“I’ve considered myself bisexual since college but I haven’t necessarily been ‘out’ until last Thanksgiving of 2017 when I came out to my mom. She said that she had always figured as much and that she was happy that I was exploring. Honestly, I think I’ve had queer thoughts since late night viewings of ‘Xena Warrior Princess’ as a child. I knew what ‘gay’ was very young but I didn’t have a word for it yet. Later, during puberty, I somehow got the message that ‘gay’ was legitimate, but ‘bi’ was selfish and pretending. So I had a kind of internalized biphobia for much of my teen years.

Being single used to give me a lot of anxiety. Being black and somewhat ‘alternative’ in a dating pool rife with cis white maledom makes dating feel like an obstacle. I feel that I’m either constantly fetishized or deeply misunderstood. I’ve rarely been in [committed] relationships that last over six months. Since high school, my heterosexual relationships were almost always a product of proximity, convenience and even desperation. The last of which, before I came out, I found myself living in an emotionally abusive relationship with someone who would regularly threaten my life. Heterosexuality had become compulsory, perfunctory and performative. You can chalk a lot of evil in this world up to toxic masculinity. I’m thankful because I have a spectrum of experience that has lead me to understand that my attraction to women is not strictly lesbianism. Before coming out, a series of confusing experiences occurred while testing the boundaries of my sexuality. At some point in my life, couples approaching me for threesomes was a regular thing. I’ve had a successful sexual experience with a couple, but that dynamic wasn’t right for me.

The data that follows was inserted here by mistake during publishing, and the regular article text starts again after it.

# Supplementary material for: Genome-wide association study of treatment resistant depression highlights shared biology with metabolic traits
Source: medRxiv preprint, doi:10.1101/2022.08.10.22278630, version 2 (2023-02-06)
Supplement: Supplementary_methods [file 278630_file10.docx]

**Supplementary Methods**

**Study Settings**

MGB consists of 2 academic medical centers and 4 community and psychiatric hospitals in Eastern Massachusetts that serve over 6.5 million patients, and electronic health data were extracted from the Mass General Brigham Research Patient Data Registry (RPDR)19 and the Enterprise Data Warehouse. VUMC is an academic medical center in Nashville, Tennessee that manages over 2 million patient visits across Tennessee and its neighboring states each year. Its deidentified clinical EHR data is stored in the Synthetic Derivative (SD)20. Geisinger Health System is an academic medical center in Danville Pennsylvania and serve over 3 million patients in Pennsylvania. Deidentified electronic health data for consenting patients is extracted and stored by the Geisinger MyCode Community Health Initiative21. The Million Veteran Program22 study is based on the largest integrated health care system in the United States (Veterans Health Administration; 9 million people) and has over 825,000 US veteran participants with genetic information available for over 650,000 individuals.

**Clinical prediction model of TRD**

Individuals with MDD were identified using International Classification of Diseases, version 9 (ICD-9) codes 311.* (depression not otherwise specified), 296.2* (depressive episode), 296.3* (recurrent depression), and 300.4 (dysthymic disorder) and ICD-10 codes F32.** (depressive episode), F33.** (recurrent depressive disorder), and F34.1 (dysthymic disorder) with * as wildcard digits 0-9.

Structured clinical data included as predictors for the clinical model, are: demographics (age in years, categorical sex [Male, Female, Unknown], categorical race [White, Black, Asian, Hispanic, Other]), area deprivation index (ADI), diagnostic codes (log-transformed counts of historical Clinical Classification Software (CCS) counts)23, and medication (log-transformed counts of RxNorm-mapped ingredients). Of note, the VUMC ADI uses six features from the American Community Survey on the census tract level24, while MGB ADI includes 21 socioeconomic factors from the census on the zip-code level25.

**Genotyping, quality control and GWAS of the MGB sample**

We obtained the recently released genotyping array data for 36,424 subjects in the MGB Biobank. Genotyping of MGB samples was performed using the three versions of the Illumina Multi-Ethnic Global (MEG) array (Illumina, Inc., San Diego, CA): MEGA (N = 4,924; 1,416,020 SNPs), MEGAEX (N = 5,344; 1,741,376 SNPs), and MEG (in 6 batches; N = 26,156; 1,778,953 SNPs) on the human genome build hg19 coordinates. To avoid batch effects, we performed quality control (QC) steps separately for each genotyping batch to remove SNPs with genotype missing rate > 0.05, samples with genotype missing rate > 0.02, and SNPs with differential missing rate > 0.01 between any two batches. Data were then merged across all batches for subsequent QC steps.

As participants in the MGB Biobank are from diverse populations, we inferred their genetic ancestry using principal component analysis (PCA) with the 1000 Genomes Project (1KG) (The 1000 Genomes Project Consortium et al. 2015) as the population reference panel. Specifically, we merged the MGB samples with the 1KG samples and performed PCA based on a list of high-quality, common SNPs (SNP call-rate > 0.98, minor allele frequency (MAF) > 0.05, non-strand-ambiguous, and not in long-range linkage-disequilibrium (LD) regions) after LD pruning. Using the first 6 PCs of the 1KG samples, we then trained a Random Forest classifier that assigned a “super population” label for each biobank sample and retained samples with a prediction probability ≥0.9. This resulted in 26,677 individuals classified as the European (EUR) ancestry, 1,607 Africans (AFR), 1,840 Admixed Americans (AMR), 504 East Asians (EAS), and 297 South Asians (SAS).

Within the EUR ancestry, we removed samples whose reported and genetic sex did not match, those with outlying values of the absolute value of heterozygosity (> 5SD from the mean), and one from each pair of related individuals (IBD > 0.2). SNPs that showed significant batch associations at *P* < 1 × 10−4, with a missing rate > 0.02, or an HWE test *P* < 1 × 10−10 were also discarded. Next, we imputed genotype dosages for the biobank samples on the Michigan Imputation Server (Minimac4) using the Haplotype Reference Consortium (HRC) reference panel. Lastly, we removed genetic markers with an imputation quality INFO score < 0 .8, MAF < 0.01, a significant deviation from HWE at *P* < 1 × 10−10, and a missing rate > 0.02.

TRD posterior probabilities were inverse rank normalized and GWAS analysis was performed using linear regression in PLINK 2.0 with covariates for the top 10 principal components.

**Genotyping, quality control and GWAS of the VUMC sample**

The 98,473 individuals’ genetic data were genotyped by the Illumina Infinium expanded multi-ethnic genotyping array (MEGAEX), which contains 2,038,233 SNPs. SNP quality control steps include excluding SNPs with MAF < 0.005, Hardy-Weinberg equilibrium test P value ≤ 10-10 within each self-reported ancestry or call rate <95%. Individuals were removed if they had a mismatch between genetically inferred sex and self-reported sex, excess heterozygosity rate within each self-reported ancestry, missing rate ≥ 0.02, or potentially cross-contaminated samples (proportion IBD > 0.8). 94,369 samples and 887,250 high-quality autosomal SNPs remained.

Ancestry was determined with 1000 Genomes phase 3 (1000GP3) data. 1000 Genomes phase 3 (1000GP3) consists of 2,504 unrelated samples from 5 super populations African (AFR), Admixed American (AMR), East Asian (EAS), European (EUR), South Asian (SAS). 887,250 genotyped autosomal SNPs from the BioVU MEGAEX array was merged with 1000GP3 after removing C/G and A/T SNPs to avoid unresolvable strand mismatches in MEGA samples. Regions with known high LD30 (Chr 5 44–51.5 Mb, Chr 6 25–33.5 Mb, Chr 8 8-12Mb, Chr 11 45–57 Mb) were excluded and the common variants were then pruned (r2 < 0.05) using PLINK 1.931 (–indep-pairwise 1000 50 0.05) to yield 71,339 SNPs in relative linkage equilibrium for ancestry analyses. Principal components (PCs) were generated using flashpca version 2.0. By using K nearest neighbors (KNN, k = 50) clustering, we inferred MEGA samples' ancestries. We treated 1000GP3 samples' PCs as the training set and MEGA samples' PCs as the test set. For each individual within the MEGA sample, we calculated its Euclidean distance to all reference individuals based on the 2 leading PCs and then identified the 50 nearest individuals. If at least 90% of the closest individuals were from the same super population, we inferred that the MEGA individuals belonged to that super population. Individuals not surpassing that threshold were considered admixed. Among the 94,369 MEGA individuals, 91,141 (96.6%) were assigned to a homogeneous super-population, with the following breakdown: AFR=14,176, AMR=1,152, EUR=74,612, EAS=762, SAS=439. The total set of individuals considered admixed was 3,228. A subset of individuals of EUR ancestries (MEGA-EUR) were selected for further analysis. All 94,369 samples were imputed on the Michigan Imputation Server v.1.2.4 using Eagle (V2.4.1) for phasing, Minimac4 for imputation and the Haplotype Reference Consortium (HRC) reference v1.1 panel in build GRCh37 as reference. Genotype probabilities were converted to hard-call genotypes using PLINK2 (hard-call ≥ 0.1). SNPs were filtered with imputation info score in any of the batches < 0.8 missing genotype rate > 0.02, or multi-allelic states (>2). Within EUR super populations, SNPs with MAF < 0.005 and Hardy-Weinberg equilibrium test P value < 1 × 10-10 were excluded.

I have less anxiety about being single [now]. I attribute a lot of that to coming out as it’s allowed me to be open and honest with myself about what I need. I no longer base my expectations around a binary belief system. Moving to a city with a larger queer scene [in Seattle] prompted me to come out. The first woman I dated here actually picked me out of a crowd at a show […]. While our relationship never got off the ground, our friendship is still strong and has lead to meeting lots of other amazing queer people. A bigger city means more options on ‘the apps’ and more opportunities to meet people in the real world. I’m currently only seeking out women, but I’m still open to dating men, but ideally, queer men. Coming out has opened up a whole spectrum of love in me — love for myself and my loved ones.”